“I think the folks are delivering results, and if you deliver results you get the reinvestment to either grow or at least sustain. We’ve done that year over year. The pusher preheats and the can-reclamation investment both have paid off tremendously for us. I think from a cost-structure basis, the pushers are exceeding what we put into the request for funding to get them. We’re exceeding on every metric. It’s been a huge savings in natural gas usage.
“And the same on the can-rec side. We grew the capacity at the same time we shrunk the cost base with the investment in can recycling. That’s the message that we’ve been trying to deliver to folks here.
“You don’t get those kind of investments if people are planning to do away with you, because you’d have to write it off. If you sell it, you’re going to get 20 cents on the dollar. People aren’t going to make those kinds of investments, in this economy, if they’re planning on doing something different with you.
“So the message we keep delivering people is if you perform — and for us the three key metrics are employee engagement, customer satisfaction and financial performance — if you do those things you’re going to get the reinvestment you need.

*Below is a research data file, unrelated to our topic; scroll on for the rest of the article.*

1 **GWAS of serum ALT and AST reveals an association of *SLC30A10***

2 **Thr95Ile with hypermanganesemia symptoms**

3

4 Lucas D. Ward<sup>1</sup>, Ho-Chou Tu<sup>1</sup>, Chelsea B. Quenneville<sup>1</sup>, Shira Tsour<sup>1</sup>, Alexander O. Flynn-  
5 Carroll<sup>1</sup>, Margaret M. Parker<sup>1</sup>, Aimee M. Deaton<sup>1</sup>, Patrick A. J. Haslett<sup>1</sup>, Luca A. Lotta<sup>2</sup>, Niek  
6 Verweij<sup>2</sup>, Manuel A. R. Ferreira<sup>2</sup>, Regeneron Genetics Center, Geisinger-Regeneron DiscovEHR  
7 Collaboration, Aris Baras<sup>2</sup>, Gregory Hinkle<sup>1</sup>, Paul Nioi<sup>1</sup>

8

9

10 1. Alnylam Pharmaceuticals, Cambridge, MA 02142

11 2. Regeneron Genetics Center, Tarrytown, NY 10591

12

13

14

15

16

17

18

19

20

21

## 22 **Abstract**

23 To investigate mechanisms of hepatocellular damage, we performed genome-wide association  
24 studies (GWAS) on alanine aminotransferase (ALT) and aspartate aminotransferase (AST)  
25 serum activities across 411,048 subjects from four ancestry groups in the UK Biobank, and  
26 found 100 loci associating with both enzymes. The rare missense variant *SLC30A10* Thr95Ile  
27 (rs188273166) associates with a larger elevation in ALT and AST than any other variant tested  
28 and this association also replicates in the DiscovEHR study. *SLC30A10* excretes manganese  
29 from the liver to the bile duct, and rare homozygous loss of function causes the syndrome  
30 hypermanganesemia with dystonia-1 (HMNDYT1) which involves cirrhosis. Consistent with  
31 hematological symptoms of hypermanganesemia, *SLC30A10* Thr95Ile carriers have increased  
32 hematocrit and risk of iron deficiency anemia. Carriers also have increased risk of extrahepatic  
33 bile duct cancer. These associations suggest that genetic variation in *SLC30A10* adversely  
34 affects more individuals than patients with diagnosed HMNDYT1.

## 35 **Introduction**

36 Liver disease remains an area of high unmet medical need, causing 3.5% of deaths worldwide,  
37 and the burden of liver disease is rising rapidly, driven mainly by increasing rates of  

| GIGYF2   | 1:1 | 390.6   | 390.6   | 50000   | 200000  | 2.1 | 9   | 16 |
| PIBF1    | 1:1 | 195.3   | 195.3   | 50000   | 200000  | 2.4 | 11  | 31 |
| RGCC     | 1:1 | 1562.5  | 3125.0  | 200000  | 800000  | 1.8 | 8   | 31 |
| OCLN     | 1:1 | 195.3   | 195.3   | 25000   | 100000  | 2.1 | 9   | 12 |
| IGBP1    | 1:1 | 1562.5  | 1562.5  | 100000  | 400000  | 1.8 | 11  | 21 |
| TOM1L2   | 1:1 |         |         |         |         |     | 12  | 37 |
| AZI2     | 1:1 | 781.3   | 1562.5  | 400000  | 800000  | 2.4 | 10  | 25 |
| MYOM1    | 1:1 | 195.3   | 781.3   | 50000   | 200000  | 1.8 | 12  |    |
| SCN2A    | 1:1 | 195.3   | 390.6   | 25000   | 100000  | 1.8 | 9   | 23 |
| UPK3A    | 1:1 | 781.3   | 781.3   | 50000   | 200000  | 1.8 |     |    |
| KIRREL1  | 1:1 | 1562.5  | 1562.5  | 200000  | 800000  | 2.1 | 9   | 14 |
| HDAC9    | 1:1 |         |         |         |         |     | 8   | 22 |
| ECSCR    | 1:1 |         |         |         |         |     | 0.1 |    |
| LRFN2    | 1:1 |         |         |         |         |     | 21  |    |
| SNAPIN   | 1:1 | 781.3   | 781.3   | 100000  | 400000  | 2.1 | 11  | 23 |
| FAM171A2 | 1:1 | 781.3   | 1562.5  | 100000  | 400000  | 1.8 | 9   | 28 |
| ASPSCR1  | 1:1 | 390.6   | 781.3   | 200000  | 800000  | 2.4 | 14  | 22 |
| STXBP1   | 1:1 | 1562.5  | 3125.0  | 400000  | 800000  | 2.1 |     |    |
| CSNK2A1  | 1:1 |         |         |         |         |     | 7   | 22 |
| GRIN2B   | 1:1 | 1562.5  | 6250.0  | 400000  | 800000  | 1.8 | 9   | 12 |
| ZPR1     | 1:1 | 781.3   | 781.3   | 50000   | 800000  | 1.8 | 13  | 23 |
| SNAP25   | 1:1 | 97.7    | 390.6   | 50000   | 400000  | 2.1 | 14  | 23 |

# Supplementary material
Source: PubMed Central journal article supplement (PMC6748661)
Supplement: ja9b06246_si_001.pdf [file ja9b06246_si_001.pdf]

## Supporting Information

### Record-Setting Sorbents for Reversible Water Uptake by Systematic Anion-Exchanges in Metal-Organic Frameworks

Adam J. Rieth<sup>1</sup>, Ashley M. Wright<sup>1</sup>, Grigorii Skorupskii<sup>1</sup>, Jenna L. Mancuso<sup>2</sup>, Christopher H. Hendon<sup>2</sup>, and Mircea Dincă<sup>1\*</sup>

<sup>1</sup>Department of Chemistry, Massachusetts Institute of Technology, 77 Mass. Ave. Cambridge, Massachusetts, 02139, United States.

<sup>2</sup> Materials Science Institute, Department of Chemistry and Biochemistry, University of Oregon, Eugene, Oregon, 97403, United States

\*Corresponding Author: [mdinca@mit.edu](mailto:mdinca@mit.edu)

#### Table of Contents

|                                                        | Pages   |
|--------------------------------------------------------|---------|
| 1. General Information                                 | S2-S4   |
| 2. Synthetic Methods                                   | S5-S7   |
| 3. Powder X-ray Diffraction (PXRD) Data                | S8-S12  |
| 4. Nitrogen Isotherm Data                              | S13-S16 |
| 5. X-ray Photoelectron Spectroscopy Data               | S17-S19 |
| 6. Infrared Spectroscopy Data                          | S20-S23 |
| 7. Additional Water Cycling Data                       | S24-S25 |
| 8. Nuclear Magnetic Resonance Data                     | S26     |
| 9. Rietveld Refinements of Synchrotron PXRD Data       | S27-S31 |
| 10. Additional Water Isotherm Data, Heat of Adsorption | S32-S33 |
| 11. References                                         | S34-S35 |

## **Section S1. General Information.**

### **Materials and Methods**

Building on the past
“The cold mill is 25 years old. So, for 25 years we’ve reaped the rewards of that. The equipment’s lasted well, the people have maintained it well. And again, you’ve got to have continual reinvestment when parts become obsolete and things go bad. And every time we do that we tweak the performance a little higher and it’s great business.
“Our vision and our values have always been sacred — no one touches ’em, everybody lives ’em.
“We’re standing on the shoulders of people who came before us and we owe it to them and the community to keep it going forward. And that was the whole message behind it. If you look at this plant, the hot mill, yeah, it’s an old dinosaur. It was built in 1942. But I’m telling you the people who built it — it’s incredible, because they overengineered that thing. It was wartime. It’d better not break. Here we are 70 years later and we’re making one of the highest surface-quality product lines in the industry at incredible volumes and performance standards. It’s got the capability to do other things that a lot of mills that were put in in the ’60s and ’70s can’t touch.
“The plant keeps reinventing itself. When it was the West Plant, North Plant and South Plant, it was 1942. They made 500 different products and had 15,000 people.
“You kind of go through reiterations. ALCOA got bigger with different plants to do different things. I do think the realignment in the late 1980s — the decision to say we’re going to make this a high-volume can-sheet facility, to put the investment in and to do it well — has paid off. We continue to reap the benefits.”